Conspiracy theorists take note – Adam Jensen has returned.
The Deus Ex series has always carried a certain kind of cult-like reverence, even among fellow RPG shooters of its ilk. The combination of conspiracies and sheer range of choice, distilled into a mysterious world with endless layers to explore, helped elevate it among the typical riff-raff of its time. Even Deus Ex: Human Revolution took the reins of this neo-noir conspiracy fantasy and presented a fresh take on stealth with it. By comparison, Deus Ex: Mankind Divided is more evolutionary than revolutionary. It’s an extremely well-crafted experience that further expands on what the player can do, presenting numerous solutions to problems you didn’t even think of yet. Intuitively, there are multiple ways to experience the narrative even if it’s not something you’d think to revisit after your first time around.
"As noted before, you’d think that with so many stakes and conspiracies floating about that the narrative would be more compelling than it ultimately is."
Which is somewhat disappointing when you consider the game’s legacy. After the events of Human Revolution, Augs are pretty much discriminated against and segregated from the general populace. It’s a grim setting but not quite as wholly suffocating as the pre-release trailers led me to believe. There’s still plenty of threat though – a rogue terrorist organization is committing atrocities and seemingly ruining Augs’ reputations even more. But they operate under the Illuminati, another organization which has been pulling its fair few share of strings over the years. Adam Jensen now works with Interpol but also moonlights for the Juggernaut Collective, yet another mysterious organization, to find and stop the Illuminati before a social powder keg erupts.
As noted before, you’d think that with so many stakes and conspiracies floating about that the narrative would be more compelling than it ultimately is. This isn’t to say the story is terrible but it feels like the pacing could have amped things up a little further down the line. Mankind Divided still presents a very competently told tale with great voice acting, memorable characters and strong mission design. It’s just a shame that it isn’t nearly as enveloping as the first game’s twisted rabbit hole of lies and deceit.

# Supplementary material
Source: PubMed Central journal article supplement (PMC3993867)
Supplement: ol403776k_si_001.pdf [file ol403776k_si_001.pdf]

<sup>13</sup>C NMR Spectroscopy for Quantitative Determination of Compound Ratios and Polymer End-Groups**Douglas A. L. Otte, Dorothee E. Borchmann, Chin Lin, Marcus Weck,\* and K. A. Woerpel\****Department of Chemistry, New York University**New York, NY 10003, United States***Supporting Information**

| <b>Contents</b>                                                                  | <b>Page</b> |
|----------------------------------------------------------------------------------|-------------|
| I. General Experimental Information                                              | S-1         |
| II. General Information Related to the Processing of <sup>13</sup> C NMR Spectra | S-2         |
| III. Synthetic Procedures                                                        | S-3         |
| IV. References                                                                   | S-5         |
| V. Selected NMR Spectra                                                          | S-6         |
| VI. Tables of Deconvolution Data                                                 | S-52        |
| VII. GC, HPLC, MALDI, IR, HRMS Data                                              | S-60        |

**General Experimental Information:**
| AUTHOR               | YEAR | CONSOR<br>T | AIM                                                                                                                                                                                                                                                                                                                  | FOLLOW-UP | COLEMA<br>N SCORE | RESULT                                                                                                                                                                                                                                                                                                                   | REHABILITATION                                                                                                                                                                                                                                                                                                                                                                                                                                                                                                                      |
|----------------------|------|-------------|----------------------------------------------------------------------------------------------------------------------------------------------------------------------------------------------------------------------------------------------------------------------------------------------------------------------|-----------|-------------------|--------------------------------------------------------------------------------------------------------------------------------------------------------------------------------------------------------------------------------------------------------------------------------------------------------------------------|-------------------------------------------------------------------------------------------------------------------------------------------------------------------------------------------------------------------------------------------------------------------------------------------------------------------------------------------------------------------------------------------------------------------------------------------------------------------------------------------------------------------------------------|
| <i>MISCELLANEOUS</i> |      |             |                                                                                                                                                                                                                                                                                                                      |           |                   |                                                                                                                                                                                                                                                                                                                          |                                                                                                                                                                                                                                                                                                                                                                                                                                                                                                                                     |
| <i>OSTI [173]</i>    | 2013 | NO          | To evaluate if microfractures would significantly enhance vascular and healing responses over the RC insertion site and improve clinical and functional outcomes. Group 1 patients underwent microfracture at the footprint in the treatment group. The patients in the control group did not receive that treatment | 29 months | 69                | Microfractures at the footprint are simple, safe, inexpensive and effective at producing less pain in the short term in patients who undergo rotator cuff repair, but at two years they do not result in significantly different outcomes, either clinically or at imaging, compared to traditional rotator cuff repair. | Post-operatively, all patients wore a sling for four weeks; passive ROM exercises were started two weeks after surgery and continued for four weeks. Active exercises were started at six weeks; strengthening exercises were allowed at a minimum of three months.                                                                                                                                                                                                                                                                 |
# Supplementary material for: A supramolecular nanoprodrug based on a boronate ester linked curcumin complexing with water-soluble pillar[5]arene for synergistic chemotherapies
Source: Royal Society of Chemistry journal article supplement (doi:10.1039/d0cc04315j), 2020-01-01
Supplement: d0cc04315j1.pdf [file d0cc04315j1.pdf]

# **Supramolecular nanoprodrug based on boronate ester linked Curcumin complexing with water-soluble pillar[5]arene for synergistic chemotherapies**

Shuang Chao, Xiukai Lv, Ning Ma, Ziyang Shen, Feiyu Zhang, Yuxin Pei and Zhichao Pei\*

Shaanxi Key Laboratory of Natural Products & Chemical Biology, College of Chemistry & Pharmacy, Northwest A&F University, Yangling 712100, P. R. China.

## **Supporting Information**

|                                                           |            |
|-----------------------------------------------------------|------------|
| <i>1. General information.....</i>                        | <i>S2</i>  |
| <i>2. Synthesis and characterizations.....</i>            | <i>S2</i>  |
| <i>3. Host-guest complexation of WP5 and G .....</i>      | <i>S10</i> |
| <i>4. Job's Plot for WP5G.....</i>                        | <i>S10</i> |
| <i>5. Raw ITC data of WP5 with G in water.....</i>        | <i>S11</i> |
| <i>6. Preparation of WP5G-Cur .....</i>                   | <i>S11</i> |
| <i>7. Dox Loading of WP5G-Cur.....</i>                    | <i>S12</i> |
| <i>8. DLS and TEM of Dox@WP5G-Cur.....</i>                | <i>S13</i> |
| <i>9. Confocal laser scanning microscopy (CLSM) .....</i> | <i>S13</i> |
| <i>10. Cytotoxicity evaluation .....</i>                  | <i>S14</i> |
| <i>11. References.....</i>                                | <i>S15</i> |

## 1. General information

The side missions are a different matter though. Deus Ex: Mankind Divided features a wealth of side mission content that can be discovered by exploring the city of Prague where much of the game takes place (multiple districts help break up the monotony but it’s still not quite as diverse as Human Revolution). Like its predecessor, missions open up by hacking through emails or meeting the odd character here and there who needs a favour.
Several of these side missions tie into the main objectives but the real diversity starts when you go about completing your story tasks. An early example sees you trying to bypass a checkpoint to investigate an unruly area. Bribing the police guarding the checkpoint is possible but you can also find alternate routes to sneak past them. Another instance sees you robbing a bank and the overall plot behind this one side mission was compelling enough to be its own separate story.
"Deus Ex: Human Revolution wasn’t exactly renowned for its gunplay and while Mankind Divided does help polish it up a bit more – firing feels more responsive and fluid, for instance – it’s not going to attract the Call of Duty crowd."
When you throw in skills like hacking, movement options like the Icarus Dash (opening up alternative routes through these meticulously crafted environments) or even the new Multi-Tool, a craftable item that lets you bypass any locked computer immediately, Deus Ex: Mankind Divided becomes a playground of possibilities. Each hidden nook and cranny might be hiding something useful. Sometimes you’ll be blocked off and need to return later with the right abilities but you’re never not rewarded for taking the road less traveled.
Do you want to play it safe and continuously sneak through environments, non-lethally taking down guards? Do you want to hack computers to disable turrets and other threats to safely make your way through (with the new hacking mini-game significantly revamped over the old)? Do you want to explore other potentially lethal or out of the way areas by making use of Jensen’s new experimental abilities? The choices are yours but those who want to take the most straightforward of routes are welcome to do so as well. You don’t have to witness the same animation of Jensen taking down a guard though. Sometimes you can eliminate a number of enemies from a safe distance with that nifty taser in your mechanical fist.